Fruitful February

A month ago the d-word was coming into vogue for parts of the northwest due to paltry precipitation and sub-par snowpack. Thanks to a fruitful February the current situation is significantly improved. Snowpack is currently above normal across basins in western Montana, near normal across much of Idaho and below normal over the southern and western parts of the inland NW. These numbers are approximately a 20% increase (as a percent of normal) from a month ago.

Mar 2 SWE

Missoula Montana was perhaps the winner with over 40″ of snow in February (snowiest Feb and overall 3rd snowiest month on record, 1948-present).  The 40″ in February exceeds the average annual snowfall total since 2000 in Missoula.  Missoula also had its wettest February on record with 2.52″ of precipitation and its third coldest February (thus explaining the high snow:rain ratio in excess of 15:1).

Holden Village, WA nestled along the east slopes of the Casacdes near Chelan at 3200 ft recorded 142″ of snow in February. February was about as dreary as it gets in the INW. I only recorded 5 days with zero precipitation during the month at my CoCoRaHS station.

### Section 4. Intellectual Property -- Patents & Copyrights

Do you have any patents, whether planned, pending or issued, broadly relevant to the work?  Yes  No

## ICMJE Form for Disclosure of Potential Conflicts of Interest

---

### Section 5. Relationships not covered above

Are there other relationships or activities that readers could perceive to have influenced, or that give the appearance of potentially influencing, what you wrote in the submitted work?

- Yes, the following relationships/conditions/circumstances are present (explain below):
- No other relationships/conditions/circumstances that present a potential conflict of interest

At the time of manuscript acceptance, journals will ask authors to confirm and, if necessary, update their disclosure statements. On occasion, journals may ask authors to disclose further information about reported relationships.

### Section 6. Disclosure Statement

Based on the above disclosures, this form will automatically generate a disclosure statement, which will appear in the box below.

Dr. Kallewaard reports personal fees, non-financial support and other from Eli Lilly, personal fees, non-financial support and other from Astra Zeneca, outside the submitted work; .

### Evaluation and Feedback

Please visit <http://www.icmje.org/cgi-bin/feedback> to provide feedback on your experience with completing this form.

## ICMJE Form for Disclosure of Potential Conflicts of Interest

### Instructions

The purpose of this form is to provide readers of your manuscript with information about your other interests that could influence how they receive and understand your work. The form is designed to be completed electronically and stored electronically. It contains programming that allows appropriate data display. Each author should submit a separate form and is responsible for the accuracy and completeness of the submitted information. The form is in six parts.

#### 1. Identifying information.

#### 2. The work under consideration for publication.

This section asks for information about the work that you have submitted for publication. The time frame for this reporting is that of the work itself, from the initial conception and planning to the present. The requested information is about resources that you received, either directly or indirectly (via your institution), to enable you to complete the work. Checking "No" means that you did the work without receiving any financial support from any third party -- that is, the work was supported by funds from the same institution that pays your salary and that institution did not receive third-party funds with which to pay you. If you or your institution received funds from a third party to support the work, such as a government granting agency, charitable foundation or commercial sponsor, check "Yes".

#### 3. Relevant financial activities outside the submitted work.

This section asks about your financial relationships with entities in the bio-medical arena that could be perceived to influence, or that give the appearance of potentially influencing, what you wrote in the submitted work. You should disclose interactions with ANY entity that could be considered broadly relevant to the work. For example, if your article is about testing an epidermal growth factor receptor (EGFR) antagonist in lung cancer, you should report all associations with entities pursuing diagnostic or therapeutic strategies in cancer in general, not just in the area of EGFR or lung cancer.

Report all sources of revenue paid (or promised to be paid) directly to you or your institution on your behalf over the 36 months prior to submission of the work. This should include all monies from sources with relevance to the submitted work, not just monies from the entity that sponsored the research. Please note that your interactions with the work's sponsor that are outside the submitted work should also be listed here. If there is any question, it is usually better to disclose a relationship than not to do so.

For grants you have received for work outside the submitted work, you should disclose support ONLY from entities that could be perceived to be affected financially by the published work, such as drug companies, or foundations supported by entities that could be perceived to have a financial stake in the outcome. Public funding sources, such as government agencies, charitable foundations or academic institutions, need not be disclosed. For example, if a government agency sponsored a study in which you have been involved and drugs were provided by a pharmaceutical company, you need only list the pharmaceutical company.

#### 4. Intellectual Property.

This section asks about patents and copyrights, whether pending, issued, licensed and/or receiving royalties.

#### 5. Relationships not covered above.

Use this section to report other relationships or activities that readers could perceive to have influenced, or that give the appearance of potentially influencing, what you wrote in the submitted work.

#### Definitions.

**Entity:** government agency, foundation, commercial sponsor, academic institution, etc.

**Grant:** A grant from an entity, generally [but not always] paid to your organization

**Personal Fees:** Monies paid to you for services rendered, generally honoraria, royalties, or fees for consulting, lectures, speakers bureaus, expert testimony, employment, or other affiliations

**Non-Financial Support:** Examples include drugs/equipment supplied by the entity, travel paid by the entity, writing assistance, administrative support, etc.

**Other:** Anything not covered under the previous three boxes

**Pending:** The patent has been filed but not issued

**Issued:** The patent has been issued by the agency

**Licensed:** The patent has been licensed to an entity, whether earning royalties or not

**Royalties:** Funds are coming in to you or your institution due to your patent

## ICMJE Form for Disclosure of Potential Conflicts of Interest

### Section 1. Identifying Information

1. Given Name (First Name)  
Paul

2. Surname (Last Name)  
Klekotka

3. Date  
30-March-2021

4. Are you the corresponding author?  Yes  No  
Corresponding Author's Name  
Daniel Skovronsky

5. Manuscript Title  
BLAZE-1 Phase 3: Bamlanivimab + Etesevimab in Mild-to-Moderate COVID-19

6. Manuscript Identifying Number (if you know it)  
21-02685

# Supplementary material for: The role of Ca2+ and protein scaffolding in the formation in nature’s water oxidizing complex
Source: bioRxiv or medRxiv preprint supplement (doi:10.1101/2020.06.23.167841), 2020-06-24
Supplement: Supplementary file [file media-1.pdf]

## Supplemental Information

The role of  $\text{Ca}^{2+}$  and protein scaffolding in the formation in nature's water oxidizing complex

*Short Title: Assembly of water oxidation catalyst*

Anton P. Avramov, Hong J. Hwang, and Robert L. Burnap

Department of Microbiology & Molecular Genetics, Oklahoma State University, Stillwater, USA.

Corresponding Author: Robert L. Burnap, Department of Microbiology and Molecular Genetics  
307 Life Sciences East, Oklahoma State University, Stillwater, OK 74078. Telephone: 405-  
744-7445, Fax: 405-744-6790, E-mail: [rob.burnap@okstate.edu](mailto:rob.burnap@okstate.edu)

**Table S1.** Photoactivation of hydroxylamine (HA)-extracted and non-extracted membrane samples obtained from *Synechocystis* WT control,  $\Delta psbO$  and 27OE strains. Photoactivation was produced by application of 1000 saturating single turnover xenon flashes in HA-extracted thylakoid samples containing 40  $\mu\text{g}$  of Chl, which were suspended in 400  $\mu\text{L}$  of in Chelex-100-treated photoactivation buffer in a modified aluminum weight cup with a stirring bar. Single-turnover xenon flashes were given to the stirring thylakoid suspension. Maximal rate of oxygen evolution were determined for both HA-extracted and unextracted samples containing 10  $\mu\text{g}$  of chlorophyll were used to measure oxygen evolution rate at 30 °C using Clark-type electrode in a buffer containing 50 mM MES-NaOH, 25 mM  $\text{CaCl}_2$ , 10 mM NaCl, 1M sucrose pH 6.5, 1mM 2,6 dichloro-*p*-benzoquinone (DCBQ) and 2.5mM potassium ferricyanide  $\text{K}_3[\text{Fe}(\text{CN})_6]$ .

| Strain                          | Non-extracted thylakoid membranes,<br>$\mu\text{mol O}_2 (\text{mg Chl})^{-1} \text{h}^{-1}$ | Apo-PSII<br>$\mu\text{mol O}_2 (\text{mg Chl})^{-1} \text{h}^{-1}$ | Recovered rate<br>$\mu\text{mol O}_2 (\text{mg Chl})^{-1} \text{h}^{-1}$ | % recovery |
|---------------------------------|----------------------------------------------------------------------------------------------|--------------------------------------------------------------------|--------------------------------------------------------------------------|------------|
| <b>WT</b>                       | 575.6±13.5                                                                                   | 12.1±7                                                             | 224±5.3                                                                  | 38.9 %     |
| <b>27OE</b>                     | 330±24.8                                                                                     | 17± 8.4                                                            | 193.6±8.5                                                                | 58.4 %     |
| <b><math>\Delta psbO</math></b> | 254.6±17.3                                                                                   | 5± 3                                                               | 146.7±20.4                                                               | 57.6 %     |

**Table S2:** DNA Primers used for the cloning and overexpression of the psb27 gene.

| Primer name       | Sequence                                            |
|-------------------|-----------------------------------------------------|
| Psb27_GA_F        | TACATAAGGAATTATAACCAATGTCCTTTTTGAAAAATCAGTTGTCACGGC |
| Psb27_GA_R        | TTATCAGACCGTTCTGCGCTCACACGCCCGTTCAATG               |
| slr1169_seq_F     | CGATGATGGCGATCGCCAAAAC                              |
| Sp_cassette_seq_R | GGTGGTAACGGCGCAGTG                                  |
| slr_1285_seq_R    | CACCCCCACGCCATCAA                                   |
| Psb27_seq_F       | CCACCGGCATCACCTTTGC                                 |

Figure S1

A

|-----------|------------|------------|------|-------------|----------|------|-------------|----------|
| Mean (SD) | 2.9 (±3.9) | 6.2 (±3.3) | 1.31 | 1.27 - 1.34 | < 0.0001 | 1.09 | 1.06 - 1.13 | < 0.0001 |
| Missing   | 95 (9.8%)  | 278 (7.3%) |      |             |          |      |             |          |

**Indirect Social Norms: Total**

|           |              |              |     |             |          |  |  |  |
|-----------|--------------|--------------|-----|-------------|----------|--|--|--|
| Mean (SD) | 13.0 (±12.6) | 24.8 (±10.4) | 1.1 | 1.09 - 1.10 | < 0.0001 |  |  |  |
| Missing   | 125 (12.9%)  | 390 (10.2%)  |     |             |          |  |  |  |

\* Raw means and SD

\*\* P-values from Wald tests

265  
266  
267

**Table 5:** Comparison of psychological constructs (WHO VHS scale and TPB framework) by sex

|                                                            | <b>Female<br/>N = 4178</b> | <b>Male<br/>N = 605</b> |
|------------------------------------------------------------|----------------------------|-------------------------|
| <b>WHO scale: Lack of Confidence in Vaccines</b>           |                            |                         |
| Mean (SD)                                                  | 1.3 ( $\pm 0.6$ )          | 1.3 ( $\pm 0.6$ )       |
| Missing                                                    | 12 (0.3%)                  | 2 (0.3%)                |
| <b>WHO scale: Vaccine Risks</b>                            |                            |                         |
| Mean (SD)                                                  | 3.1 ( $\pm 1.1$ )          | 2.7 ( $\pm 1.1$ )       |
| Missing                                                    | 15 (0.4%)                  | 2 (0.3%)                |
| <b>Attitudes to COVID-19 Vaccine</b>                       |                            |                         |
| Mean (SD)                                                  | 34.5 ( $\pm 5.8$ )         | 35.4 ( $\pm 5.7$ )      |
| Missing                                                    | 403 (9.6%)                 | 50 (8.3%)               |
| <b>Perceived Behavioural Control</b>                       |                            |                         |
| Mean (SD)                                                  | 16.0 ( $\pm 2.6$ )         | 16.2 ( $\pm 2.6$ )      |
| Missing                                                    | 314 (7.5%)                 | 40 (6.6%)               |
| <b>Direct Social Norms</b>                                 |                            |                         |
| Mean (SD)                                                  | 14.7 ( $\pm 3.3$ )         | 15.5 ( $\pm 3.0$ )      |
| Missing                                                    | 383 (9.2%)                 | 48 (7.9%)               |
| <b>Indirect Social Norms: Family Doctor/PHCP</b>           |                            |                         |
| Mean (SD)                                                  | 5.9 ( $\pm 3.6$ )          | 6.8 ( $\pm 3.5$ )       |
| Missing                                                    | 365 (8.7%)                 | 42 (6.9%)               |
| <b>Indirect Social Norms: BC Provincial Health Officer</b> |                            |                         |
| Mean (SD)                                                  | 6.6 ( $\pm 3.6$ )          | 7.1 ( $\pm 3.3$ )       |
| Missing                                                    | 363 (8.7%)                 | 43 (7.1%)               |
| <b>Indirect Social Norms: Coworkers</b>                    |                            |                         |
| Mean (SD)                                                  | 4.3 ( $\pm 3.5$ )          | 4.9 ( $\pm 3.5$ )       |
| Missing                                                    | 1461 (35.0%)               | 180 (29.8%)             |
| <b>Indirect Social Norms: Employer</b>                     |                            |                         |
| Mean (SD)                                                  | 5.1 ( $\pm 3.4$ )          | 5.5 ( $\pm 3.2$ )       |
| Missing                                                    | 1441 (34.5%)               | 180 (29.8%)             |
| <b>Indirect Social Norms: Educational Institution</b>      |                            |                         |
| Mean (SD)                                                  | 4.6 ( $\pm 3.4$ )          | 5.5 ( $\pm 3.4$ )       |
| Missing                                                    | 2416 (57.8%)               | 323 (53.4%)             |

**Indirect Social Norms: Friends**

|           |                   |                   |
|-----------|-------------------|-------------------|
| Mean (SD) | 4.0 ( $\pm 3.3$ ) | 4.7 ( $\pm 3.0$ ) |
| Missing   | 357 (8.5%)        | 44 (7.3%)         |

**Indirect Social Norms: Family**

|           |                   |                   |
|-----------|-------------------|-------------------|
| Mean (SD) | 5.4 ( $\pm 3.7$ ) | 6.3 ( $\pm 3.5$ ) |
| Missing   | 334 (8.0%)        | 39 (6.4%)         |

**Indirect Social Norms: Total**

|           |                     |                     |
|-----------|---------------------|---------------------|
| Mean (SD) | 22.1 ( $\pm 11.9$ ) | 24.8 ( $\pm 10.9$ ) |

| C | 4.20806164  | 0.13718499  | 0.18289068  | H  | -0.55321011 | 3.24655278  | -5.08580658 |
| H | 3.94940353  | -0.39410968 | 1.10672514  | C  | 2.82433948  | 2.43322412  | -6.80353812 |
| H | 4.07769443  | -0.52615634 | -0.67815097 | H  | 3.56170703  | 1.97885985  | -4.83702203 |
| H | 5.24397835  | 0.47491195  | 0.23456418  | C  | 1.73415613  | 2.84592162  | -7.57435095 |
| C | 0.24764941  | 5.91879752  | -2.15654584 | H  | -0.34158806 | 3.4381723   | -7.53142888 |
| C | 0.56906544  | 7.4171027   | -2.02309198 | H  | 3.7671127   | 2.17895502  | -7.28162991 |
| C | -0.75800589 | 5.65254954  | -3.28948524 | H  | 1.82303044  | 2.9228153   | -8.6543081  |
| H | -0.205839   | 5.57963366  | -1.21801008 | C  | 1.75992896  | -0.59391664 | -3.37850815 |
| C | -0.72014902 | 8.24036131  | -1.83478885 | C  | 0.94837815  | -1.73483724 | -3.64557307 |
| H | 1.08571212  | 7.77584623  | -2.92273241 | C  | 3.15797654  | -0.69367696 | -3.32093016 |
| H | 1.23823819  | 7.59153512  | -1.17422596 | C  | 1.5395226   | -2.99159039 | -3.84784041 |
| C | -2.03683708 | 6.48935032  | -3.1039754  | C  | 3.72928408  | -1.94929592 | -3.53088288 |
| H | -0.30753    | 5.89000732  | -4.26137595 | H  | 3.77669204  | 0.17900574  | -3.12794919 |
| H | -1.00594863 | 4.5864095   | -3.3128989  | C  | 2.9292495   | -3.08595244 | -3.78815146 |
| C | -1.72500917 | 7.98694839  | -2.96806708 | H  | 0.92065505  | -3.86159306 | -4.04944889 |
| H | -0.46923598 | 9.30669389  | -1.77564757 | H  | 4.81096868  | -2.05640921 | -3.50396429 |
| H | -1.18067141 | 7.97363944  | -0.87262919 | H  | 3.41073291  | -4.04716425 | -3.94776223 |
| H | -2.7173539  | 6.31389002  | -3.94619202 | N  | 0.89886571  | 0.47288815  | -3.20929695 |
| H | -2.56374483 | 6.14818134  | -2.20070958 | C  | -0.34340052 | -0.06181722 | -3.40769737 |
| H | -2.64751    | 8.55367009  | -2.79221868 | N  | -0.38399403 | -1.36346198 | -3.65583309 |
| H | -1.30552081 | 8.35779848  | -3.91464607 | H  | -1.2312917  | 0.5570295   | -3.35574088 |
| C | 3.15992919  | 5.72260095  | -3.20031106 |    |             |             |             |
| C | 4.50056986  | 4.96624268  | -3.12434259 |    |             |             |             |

In contrast to the blocking pattern that redirected storms well north of the region in January, a very strong jet stream directed into the NW allowed for the parade of weather systems to impact the area. The zonal (west-to-east) winds at 300hPa were about 10 m/s above normal (or 50% above normal) across the NW.


As climatological winter departs (December-February), our first day of spring was anything but.  Parts of the northern Idaho panhandle set all-time record low maximum temperature records for the month of March on March 1st. Including a whopping 5F for a high in Missoula (or 40 degrees below normal!). Yuck.

February brought below normal temperatures to the INW. Some of the seasonal forecasts are bullish on a warmer than normal spring for much of western North America.  After several crud-filled springs in recent years this would be welcomed.  I won’t get too excited and start planting tomatoes in March though (been there, done that).



This entry was posted in Uncategorized by John Abatzoglou. Bookmark the permalink.

About John Abatzoglou

John is an associate professor of Geography at the University of Idaho. John's interests are centered around climate and weather of the American West and their impacts to people and natural resources of the West. John and his Applied Climate Science Lab at the University of Idaho have published nearly 100 papers and book chapters on climate science, meteorology, and applied climate science connecting climate to water resources, wildfire and agriculture. The research group also develops web-based climate services that connect climate data with decision makers to help improve climate readiness of societies and ecosystems.

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